But there is even more advantage to splitting these qualities between two characters. The audience identifies with Scout. And we share her fear of the local boogey man known as Boo Radley – a monstrous mockery of human form who forms the stuff of local terror stories. All the kids know about Boo, and though we never see him, we hear their tales of his horrible ways.
At the end of the story, it turns out that Boo is just a gentle giant, a normal man with a kind heart but low intellect. As was the custom in that age, his parents kept him indoors, inside the basement of the house, leaving him pale and scary-looking due to the lack of sunlight. But Boo ventures out at night, leading to the false but horrible stories about him when he is occasionally sighted.
As it happens, Scout’s life is threatened by the father of the girl who was ostensibly raped in an attempt to get back at Atticus. Lo and behold, it is Boo who comes to her rescue. In fact, he has always been working behind the scenes to protect the children and is not at all the horrible monster they all presupposed.
In a moment of revelation, we, the audience, come to realize we have been cleverly manipulated by the author to share Scout’s initial prejudice against Boo. Rather than feeling self-righteous by identifying with Atticus, we have been led to realize that we are just as capable of prejudice as the obviously misguided adults we have been observing.
The message of the story is that prejudice does not have to come from meanness, but will happen within the heart of anyone who passes judgment based on hearsay rather than direct knowledge. This statement could never have been successfully made if the elements of the typical hero had all been placed in Atticus.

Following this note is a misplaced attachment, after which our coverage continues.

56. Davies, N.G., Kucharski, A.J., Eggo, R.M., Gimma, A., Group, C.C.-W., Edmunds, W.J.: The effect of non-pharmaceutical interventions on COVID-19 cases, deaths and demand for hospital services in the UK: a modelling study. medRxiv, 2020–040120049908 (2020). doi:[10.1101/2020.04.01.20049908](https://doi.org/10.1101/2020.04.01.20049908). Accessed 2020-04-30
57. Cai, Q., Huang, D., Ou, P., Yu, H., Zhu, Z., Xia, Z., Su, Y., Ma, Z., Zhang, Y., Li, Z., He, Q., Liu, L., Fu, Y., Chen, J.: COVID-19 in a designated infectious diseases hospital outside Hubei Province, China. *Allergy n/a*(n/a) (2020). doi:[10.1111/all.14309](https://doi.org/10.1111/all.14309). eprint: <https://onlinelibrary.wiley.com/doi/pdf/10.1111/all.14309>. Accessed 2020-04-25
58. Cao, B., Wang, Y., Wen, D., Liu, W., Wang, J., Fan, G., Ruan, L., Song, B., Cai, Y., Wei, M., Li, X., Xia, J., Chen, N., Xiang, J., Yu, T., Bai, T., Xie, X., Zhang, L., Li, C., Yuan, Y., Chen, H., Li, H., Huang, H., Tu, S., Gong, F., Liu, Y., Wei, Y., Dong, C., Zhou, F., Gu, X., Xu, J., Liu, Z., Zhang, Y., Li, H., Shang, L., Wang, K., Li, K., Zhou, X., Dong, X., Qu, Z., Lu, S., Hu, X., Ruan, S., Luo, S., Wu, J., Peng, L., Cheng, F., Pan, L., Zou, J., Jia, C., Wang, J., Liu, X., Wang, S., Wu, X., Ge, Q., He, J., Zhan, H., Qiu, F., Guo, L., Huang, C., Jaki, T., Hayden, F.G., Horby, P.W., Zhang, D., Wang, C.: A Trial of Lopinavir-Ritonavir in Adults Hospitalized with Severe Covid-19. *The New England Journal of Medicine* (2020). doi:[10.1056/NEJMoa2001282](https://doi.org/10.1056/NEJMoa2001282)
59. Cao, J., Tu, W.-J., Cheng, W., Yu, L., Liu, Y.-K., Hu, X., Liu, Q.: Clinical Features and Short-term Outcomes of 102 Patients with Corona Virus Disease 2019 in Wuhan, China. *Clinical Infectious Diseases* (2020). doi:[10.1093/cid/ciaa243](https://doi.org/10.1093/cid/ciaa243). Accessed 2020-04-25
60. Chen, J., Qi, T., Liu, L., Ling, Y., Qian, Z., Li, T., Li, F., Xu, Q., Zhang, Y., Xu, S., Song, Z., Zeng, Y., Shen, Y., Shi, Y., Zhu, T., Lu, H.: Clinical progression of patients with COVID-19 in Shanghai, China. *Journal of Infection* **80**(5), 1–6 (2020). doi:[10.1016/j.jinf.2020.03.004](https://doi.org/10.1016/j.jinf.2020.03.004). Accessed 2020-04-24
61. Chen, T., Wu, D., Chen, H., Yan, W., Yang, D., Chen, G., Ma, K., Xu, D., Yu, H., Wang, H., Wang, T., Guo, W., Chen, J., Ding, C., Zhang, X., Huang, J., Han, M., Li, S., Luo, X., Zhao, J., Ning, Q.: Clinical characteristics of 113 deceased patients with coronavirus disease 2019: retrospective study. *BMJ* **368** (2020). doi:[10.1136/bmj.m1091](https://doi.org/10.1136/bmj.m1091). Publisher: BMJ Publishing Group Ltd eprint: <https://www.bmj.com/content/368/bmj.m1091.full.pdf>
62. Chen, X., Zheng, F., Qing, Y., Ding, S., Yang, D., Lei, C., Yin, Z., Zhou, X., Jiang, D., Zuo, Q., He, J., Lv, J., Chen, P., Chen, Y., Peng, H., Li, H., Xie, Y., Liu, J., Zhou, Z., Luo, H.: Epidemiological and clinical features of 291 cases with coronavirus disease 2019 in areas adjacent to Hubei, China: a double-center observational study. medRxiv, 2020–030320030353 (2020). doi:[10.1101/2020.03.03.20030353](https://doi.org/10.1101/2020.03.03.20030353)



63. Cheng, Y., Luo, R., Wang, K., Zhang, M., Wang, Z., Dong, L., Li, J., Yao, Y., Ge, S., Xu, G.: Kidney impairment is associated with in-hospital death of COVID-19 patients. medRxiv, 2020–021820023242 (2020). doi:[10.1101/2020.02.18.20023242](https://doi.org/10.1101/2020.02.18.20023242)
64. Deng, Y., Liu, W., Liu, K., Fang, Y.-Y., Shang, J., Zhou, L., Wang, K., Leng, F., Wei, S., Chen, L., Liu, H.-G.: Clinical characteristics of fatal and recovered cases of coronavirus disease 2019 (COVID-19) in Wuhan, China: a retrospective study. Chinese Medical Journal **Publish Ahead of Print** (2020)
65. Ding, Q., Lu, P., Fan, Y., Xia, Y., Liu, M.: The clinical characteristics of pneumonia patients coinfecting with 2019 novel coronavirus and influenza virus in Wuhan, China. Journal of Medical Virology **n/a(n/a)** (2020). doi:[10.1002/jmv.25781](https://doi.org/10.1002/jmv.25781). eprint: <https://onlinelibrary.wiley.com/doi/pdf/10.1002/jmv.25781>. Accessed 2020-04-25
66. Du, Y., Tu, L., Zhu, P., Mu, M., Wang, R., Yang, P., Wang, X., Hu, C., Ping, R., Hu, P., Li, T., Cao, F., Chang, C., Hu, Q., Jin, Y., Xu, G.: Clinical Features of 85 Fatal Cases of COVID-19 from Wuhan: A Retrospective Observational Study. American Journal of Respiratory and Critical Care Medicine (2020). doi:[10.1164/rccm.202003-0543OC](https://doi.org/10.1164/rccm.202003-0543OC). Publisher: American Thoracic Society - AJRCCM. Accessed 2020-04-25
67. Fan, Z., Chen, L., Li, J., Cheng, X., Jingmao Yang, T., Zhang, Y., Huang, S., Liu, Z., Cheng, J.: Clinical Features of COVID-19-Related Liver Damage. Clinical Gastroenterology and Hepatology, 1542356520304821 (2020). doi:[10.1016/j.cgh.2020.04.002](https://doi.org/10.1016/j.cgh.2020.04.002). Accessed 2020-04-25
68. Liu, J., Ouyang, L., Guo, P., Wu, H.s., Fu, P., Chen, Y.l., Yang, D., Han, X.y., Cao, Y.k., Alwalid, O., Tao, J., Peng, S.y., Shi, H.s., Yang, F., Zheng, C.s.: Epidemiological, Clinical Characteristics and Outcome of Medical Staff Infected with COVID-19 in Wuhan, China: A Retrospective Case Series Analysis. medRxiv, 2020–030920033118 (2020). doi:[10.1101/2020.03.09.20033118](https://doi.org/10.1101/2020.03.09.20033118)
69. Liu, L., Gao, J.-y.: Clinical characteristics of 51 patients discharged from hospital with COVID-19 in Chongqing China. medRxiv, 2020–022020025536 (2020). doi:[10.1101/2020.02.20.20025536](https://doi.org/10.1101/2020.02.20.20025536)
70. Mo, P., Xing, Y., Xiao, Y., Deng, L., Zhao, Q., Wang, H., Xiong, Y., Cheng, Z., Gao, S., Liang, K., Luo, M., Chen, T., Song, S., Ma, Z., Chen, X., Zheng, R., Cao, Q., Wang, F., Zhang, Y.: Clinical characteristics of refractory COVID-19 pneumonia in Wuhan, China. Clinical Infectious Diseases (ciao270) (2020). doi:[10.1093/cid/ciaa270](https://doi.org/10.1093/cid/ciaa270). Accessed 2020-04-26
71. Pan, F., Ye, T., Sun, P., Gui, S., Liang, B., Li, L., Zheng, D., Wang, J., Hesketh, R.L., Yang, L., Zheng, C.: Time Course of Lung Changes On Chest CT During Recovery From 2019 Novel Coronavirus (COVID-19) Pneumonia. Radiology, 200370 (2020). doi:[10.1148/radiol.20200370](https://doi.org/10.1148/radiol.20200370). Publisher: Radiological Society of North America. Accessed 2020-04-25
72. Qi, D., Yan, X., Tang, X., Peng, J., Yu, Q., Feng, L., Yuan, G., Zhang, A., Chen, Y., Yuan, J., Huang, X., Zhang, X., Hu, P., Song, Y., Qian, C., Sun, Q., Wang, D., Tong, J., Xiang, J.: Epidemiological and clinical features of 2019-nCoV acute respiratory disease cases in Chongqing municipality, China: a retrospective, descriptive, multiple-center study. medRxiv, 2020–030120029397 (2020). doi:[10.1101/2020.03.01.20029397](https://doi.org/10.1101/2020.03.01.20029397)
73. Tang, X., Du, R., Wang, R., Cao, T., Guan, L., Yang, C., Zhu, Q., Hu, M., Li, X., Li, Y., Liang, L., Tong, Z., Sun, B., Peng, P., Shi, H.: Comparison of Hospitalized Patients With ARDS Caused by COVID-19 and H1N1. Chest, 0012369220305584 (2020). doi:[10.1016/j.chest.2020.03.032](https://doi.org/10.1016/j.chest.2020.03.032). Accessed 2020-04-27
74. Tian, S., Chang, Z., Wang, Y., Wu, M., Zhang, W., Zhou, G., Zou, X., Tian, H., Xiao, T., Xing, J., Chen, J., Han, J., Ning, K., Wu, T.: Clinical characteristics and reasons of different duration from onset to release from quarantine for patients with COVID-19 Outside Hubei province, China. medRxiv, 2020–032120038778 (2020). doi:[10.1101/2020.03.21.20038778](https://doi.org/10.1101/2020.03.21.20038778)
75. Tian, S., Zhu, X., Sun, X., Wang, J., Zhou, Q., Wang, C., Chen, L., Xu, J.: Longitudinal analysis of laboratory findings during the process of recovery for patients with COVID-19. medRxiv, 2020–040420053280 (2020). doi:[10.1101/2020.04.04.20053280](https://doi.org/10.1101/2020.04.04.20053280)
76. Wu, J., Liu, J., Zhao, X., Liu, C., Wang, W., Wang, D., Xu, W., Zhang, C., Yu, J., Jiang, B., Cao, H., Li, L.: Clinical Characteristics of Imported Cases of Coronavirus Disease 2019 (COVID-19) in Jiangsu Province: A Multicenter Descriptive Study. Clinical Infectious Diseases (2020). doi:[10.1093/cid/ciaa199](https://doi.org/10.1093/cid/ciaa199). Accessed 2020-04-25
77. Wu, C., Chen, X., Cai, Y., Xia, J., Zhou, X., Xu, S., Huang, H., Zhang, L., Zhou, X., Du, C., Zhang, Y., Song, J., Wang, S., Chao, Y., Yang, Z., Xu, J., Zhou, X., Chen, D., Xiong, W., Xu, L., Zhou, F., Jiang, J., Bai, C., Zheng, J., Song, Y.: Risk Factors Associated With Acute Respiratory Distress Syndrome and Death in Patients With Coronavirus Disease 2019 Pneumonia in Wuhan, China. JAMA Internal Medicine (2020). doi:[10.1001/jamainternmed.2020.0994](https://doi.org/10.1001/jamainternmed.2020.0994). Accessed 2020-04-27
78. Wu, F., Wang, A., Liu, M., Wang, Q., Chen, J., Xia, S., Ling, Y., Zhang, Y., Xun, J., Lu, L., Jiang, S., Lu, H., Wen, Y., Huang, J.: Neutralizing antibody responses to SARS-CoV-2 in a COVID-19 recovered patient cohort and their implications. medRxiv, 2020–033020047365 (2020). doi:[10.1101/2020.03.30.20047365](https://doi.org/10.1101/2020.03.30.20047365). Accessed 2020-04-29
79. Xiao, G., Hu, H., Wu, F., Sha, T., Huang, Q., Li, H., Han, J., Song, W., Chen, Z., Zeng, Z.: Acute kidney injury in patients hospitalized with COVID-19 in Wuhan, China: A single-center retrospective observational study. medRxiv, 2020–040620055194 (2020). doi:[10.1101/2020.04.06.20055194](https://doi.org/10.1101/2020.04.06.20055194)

So, the message of our little story here is that there is nothing wrong with writing about heroes and villains, but it is limiting. By separating the components of the hero into individual qualities, we open our options to a far greater number of dramatic scenarios that are far less stereotypical.
Even when a story has memorable characters, a riveting plot and a fully developed genre, it may still be coming apart at the themes.
Theme is perhaps the most powerful, yet least understood element of story structure. It is powerful because theme is an emotional argument: It speaks directly to the heart of the reader or audience. It is least understood because of its intangible nature, working behind the scenes, and between the lines.
When mis-used, theme can become a ham-handed moral statement in black and white, alienating the reader/audience with its dogmatic pontifications. When properly used, theme can add richness, nuance, and meaning to a story that would otherwise be no more than a series of events.